It was 2008, and I was so nervous.
Before I left the house to shoot my very first wedding, I told Mack I thought I was going to throw up. I’d taken pictures at weddings before, but always as a guest who just got really lucky. I’d shot a ton of portrait sessions, but I knew the difference. And here I was, having never second shot a wedding or shadowed anyone or attended a single workshop, and I was heading out the door.
I checked my gear, stowed my cards, read over my shot list, and prayed. I prayed a lot.
And you know what? It went pretty well! I stayed on schedule, stayed out of the way, and took good portraits before and after the ceremony. During the ceremony, I was a nervous wreck, but I was shooting good stuff. I was excited.
After the ceremony, the bride’s sister pulled me aside to pay me. The photography, $400 for four hours, was her gift to the bride. I was having such a good time, and was so high on creative energy, that I told her I’d stay for the rest of the reception if she wanted me to… just to get the practice. The sister was thrilled, and I felt like a rock star.
The bride & groom weren’t planning on having a first dance, but lo and behold, they decided to do one anyway. “YES!,” I thought. “The light out here under the stars is SO pretty… these are going to be fabulous!” I stood up, squared up my shot, aaaaaannnd…
My battery had died.
Did I have an extra? No. Because I hadn’t invested in much more than my Canon Digital Rebel and a few lenses. I was winging it, in every sense of the word. And there, in the middle of the dance floor when I realized that my flash wasn’t going to go off so I could even PRETEND I was taking pictures (yes… on board flash *hand/forehead*), I almost melted down.
Instead, I went over to an area of the reception where there weren’t any people, and I pretended to shoot the rest of the first dance. Oh my gosh, I’m so embarrassed to say that. And then as soon as the dance was over, I hugged the bride and groom, and literally ran to my car, where I cried so hard I thought I’d break something.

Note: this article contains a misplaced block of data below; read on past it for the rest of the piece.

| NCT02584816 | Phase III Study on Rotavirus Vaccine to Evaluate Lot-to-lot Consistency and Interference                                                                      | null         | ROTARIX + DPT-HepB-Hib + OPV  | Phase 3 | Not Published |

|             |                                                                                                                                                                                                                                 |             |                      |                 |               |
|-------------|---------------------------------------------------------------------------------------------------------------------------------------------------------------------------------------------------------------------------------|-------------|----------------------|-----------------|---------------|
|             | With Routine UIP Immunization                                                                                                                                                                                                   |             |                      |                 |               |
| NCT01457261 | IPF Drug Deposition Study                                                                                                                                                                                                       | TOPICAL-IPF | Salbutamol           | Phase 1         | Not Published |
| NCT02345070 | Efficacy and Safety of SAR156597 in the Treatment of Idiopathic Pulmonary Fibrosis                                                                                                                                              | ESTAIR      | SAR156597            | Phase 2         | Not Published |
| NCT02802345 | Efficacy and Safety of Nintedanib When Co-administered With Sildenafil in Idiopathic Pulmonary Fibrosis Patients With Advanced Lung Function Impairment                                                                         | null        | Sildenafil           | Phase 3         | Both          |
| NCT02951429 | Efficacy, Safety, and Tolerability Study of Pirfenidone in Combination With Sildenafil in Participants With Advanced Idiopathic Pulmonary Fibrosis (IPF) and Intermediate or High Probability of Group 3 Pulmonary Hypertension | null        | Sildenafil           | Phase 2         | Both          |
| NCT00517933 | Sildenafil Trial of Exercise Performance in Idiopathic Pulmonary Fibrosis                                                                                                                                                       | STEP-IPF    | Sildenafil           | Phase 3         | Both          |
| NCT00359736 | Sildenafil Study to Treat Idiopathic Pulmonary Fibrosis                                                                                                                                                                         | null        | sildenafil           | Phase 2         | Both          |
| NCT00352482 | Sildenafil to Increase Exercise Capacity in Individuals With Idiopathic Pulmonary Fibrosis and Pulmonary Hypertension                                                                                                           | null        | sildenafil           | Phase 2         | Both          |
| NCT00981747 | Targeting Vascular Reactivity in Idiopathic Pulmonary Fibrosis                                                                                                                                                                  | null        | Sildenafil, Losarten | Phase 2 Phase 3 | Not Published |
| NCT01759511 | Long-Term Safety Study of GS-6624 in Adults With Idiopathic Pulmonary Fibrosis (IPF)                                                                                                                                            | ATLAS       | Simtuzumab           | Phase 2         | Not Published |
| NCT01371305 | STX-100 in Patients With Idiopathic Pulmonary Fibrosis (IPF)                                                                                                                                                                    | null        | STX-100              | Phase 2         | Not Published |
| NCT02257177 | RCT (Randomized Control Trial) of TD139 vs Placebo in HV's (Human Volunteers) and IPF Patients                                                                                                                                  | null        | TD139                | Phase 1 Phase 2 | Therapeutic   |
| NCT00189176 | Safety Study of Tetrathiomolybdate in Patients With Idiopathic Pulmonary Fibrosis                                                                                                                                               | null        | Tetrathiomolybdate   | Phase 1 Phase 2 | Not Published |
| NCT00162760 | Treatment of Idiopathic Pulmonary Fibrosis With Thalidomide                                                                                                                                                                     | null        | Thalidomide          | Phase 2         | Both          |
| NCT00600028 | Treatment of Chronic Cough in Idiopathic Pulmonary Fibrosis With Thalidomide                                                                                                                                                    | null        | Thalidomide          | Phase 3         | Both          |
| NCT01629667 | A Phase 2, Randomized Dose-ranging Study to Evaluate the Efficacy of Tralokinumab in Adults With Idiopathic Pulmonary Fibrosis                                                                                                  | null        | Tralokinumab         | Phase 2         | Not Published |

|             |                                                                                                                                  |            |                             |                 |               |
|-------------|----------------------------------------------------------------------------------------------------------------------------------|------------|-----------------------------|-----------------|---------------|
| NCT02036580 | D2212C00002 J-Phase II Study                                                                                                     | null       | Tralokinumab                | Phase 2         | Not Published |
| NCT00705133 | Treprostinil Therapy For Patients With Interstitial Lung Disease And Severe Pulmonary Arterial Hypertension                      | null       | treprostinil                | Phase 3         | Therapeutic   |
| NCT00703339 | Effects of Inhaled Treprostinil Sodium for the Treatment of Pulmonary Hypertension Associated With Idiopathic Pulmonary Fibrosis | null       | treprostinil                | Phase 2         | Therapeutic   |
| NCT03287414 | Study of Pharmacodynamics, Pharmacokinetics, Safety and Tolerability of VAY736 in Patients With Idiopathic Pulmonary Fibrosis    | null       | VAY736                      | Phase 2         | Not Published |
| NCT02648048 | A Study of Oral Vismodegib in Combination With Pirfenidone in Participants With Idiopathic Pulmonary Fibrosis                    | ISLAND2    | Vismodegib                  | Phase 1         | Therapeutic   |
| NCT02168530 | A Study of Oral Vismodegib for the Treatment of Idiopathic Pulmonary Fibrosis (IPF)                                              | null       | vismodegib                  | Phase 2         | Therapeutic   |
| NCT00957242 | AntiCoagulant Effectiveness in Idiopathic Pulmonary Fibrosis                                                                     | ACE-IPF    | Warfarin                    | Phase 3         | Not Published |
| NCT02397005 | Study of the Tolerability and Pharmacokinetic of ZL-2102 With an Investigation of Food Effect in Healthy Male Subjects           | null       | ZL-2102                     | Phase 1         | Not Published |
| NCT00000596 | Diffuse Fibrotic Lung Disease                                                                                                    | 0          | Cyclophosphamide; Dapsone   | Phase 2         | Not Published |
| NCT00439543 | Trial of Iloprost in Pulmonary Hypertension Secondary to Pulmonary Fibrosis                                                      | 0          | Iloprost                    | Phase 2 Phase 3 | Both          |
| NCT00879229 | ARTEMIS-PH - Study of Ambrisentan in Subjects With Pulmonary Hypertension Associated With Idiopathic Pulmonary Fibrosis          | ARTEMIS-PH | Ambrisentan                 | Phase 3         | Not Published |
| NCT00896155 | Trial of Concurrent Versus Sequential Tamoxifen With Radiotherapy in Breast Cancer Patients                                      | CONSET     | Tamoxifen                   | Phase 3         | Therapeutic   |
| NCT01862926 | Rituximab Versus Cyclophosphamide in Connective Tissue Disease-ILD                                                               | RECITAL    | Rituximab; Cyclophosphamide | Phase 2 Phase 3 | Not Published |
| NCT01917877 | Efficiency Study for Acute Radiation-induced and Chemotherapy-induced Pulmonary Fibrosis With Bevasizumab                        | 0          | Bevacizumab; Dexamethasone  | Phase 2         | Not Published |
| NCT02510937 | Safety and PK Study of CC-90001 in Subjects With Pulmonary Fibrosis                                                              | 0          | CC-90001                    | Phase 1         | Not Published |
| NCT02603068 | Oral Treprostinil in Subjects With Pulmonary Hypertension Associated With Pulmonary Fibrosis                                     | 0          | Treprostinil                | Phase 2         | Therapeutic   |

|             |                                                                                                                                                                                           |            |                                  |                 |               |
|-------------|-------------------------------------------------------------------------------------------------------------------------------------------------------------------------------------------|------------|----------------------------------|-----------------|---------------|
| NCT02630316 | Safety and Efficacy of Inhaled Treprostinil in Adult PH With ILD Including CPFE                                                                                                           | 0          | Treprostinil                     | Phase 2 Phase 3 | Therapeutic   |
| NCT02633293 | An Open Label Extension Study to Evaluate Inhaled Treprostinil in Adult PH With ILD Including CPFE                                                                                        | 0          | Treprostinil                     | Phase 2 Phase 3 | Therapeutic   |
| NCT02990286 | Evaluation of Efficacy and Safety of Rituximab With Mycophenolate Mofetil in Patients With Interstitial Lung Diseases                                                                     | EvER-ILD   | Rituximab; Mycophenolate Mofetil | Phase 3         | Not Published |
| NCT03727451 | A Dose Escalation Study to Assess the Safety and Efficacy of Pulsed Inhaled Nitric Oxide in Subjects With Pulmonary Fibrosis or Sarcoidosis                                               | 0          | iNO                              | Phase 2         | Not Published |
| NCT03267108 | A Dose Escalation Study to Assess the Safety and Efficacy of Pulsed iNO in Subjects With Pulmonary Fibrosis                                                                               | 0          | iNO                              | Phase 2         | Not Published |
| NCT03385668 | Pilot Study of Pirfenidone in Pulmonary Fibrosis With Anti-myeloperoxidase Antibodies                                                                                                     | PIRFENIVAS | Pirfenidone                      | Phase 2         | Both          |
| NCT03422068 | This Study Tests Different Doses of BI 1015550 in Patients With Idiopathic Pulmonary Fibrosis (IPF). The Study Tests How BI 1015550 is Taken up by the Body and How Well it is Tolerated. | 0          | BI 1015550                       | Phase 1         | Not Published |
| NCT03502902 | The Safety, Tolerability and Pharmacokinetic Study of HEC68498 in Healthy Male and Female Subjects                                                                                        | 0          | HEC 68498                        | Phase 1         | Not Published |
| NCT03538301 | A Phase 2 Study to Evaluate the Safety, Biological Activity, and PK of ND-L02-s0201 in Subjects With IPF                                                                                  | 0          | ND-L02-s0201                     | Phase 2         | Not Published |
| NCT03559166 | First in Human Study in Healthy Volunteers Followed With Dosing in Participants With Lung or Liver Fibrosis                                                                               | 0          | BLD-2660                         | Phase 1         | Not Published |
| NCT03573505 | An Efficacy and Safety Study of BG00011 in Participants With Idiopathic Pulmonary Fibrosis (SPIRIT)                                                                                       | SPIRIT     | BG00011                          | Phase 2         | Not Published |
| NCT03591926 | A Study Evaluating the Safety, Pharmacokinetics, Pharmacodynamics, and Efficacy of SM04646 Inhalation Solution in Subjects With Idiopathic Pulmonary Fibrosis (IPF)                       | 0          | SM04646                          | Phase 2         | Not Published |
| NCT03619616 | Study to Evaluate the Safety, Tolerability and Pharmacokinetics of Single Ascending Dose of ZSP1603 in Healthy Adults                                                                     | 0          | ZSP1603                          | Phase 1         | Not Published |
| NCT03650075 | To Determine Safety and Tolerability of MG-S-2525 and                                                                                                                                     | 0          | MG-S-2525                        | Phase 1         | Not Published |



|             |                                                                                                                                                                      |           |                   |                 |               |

I was so embarrassed. I was sure that I’d just ruined everything. I felt like such a hack, and a faker, and a loser, and I was convinced that I’d never photograph anything again, because I was clearly incompetent.
When I got home, I handed my camera to Mack, who looked through the pictures I’d taken. He told me I’d done a great job. He hugged me. He ordered a backup battery. And he promised me that it would all be better in the morning.
(Excuse me while I bury my head in the sand… can’t believe I’m sharing these pictures. Breathe deeply, breathe deeply.)
It was better in the morning.
Was I still a woefully underprepared photographer? But I’d captured what I was paid to capture, and done a pretty great job at it, all things considered. The clients, who knew they were getting a complete newbie, were thrilled to pieces with the pictures. I posted a few on MySpace (WHOA, back in the day), and from those, booked two other weddings.
With the deposits from those weddings, I upgraded to a Canon 40D and bought a 50 mm lens.
From those two weddings, we booked four more. And so on, and so forth, learning and upgrading as we went.
If you had told me in the fall of 2008 that in a year, I’d be shooting weddings full time, I’d have laughed out loud at you. If someone with a crystal ball had appeared in my car that night, where I was sitting and crying, just certain I’d ruined everything, and showed me a glimpse of what my life is like now, I would have never believed it.
I was reminded of all this last week, when I was talking to an aspiring photographer. She just bought her first DSLR and is practicing and learning, and knows that she wants to be a wedding photographer. But she says it haltingly… apologetically… “I know I’ll never be as successful as you guys.”
To her… to any of you feeling that way… I say BALONEY.
You have no idea what you will learn, or where you will go, or how your dreams will change. All you can do is pursue what’s in front of you. Maybe you’ll learn that you’d just rather be a talented hobbyist with awesome pictures of your dogs and kids. Or maybe you’ll meet the right people at the right time, and in 4 years, you’ll be shooting 30 weddings a year as a full time business that takes you all over the world.
The following picture still hangs on the wall in our office, and I’ll be proud of it until the day I die. Is it perfect? No. But it’s beautiful. And in this picture, I see represented the dreams that I didn’t know I had yet. Dreams to run our own business. Dreams to travel. Dreams to live creatively. Dreams we’re living now, every day.
Maybe you’re scared to start something. Or maybe you DID try and start, but feel like you failed. Maybe dreaming feels risky. But I’m telling you right now… The only thing too risky in this life is living without dreams.